When you get a letter from the IRS, the biggest mistake you can make is to ignore it. Issues with the tax collector are serious and only compound if disregarded. The same advice follows if you happen to be a trademark owner who recently received a notice from the U.S. Patent and Trademark Office. The issue is a trademarks security breach.
Some compare being a patent holder to holding a lottery ticket. Just because you have the number doesn't mean you're a winner. Some dismiss the whole idea of pursuing a patent for that reason. They might believe the costs of seeking a patent are so unknown or so high, and that the odds of making any money off the idea are so low, that it's not worth the effort. But, as the old line goes, you can't win a game if you don't play it.
The legal trade features an expansive glossary of terms. There are so many that are so confusing that it suggests Winston Churchill's quote, "It is a riddle, wrapped in a mystery, inside an enigma." In patent law, the term "claim construction" is one that is enigmatic, and because it is making headlines, it may be worth looking at a little more deeply.
What is it like to obtain a patent? Ask Billy Beane, the one-time baseball general manager. As he expressed in the movie "Moneyball," "It's a process. It's a process. It's a process." In Beane's case, the process involved data analytics about on-base percentages and persuading his team to play to maximize that metric. It worked. But it took time.
If you ever stray into a conference of patent attorneys, you might feel you just walked into a bar on an alien planet. Conversations don't seem to be taking place in English. The seemingly incomprehensible language of the patent world is something that has developed over the course of decades, driven by the demands of the practice.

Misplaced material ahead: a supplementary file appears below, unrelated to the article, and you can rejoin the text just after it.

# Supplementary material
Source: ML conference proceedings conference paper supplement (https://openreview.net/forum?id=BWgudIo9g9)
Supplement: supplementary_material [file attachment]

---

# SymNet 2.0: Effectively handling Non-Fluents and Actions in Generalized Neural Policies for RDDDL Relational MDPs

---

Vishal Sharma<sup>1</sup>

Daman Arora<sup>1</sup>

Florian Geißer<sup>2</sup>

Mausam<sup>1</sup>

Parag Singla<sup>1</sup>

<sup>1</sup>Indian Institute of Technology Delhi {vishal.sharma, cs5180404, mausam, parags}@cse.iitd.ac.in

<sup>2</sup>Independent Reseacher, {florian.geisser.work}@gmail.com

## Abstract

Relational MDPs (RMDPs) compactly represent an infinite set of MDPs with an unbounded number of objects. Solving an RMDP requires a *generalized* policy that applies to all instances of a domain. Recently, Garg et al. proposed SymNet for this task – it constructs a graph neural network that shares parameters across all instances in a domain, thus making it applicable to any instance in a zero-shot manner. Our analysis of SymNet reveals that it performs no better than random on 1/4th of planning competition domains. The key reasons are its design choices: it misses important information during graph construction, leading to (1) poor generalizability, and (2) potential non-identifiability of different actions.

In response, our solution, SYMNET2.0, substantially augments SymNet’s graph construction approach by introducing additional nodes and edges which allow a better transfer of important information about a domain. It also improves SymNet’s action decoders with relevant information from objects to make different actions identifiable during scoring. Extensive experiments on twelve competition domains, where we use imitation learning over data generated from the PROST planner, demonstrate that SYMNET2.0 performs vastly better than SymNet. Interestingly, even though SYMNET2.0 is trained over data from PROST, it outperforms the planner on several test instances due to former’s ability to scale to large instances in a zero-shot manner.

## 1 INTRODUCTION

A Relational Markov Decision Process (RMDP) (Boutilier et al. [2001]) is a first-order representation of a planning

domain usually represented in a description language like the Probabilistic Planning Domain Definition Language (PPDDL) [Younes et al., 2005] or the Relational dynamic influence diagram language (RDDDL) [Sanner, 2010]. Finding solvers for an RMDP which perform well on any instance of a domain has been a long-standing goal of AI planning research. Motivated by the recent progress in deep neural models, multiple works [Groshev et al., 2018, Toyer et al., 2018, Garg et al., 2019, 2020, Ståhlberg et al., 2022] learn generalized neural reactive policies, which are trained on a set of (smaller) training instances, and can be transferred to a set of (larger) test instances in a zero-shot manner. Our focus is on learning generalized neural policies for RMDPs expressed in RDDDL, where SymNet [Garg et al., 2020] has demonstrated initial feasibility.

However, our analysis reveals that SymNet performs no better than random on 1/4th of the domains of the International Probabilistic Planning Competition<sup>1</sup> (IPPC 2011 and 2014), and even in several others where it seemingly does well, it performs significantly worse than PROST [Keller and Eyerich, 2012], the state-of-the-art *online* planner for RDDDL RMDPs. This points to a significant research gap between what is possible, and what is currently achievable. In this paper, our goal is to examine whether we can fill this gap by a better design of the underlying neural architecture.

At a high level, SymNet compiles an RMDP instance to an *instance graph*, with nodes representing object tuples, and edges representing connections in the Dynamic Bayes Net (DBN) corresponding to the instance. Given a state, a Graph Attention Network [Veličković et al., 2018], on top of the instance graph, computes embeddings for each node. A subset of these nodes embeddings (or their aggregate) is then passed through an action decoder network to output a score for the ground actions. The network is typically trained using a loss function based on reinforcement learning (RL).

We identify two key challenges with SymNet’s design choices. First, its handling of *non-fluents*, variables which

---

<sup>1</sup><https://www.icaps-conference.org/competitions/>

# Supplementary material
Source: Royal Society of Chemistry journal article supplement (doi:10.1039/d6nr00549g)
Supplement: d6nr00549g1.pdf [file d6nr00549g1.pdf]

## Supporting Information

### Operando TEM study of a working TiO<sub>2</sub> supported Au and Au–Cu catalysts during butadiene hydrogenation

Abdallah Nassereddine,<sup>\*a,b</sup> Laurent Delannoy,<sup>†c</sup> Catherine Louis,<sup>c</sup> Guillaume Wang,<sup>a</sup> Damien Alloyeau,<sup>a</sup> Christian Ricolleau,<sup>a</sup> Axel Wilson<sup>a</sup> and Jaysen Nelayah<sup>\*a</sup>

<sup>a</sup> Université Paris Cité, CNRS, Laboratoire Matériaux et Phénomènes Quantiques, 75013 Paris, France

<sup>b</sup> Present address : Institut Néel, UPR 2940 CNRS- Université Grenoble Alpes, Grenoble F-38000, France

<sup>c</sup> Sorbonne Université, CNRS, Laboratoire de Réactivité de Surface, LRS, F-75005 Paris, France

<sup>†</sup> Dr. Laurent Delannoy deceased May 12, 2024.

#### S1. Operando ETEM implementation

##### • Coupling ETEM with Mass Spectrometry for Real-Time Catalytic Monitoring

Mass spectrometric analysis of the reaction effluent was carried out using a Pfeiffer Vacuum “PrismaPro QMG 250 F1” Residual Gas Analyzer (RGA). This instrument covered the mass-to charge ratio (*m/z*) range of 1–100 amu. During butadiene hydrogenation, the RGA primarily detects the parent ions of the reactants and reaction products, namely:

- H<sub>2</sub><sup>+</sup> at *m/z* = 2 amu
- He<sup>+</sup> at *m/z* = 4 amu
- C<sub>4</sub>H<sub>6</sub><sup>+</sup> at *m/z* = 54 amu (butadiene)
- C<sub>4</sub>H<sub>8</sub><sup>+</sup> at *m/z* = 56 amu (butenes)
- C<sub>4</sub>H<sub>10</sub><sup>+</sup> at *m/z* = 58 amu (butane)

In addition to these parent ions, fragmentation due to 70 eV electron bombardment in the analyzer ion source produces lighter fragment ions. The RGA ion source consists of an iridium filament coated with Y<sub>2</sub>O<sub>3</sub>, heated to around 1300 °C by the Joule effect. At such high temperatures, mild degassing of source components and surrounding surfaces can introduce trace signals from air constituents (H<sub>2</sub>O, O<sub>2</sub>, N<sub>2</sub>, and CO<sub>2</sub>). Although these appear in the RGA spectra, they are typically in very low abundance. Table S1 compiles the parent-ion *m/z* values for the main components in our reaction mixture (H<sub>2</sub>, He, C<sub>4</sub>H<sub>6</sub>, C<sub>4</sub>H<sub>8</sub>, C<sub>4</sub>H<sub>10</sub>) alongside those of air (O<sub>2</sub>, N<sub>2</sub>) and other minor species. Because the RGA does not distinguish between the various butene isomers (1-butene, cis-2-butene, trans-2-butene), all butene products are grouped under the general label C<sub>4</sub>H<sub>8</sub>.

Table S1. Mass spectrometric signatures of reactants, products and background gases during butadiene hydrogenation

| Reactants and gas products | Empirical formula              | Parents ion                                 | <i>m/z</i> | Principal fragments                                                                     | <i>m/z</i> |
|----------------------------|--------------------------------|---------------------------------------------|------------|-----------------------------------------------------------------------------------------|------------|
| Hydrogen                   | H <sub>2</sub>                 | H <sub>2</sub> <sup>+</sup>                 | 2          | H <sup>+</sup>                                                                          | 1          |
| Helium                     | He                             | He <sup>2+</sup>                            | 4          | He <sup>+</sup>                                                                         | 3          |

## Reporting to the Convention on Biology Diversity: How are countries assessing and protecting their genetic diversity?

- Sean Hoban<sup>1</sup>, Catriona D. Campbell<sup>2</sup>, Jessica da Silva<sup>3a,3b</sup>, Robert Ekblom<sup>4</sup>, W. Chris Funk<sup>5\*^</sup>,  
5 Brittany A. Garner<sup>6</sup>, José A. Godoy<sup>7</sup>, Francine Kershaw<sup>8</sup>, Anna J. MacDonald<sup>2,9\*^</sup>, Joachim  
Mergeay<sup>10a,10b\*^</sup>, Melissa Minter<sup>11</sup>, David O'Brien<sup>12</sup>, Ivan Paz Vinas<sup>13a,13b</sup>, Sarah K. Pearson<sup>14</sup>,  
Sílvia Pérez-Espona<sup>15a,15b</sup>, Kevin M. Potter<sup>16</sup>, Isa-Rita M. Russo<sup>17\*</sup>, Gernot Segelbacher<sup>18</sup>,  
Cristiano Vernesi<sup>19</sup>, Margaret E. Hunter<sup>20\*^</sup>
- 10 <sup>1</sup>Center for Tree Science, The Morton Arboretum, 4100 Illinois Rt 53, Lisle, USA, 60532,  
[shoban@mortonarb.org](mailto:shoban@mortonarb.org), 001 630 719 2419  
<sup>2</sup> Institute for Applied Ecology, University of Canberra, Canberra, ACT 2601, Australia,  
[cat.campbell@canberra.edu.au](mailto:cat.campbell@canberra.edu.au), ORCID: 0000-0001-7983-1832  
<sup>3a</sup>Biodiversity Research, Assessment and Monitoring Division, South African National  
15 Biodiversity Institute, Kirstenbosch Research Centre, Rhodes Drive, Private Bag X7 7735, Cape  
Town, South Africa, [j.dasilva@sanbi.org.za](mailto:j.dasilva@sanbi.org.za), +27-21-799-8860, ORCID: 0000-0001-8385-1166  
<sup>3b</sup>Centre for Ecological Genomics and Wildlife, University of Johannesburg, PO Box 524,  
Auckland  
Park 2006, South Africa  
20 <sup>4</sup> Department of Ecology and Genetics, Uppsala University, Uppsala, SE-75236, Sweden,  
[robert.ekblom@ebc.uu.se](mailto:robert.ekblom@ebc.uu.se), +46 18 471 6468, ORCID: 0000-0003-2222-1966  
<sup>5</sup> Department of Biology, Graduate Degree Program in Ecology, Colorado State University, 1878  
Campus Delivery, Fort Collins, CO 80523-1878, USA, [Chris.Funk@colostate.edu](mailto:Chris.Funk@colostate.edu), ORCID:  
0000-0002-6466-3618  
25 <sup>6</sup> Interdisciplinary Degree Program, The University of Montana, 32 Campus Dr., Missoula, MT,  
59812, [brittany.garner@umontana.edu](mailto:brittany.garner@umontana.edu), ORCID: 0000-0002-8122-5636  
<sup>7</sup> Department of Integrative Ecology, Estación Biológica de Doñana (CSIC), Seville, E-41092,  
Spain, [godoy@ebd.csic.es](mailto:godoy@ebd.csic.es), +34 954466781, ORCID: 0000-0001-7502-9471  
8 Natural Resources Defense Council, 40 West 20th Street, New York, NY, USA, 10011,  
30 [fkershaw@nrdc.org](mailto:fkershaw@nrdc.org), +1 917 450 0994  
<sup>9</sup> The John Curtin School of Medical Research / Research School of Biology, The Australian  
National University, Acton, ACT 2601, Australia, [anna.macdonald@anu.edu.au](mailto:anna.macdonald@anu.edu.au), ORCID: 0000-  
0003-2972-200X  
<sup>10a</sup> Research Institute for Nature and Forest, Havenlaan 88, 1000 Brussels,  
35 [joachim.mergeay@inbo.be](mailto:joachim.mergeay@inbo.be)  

If you are an inventor, then you know just how valuable your ideas are and how important it is to protect them from others who may attempt to counterfeit or copy them as their own. One of the most important steps in terms of protecting your intellectual property is to apply for a patent for your invention.
Creative expression is a unique feature of what it means to be human and government recognizes the value that expression delivers to society through intellectual property law. Obtaining a copyright from the U.S. Patent and Trademark Office is clear recognition of a work's originality and that the holder has the right to derive the monetary benefit from that work.
If anything in patent law triggers a love-hate reaction it is likely the processes related to inter partes review (IPR).
Do you know who Walter Hagen is? He was a professional golfer prominent in the first half of the last century. He was so good that he ranks third in the world for the number of men's major championship wins. Jack Nicklaus is first. Tiger Woods is second. That's ironic because Hagen is also the guy credited with saying, "No one remembers who came in second."
People, being people, have disagreements. Relationships of all kinds get put at risk if disputing parties let the issue fester. Within the legal context, the traditional approach to this dilemma has been to litigate. Historically, the process involves bringing the dispute into the open. Negotiations follow, pressed by the knowledge that unresolved issues could wind up in court.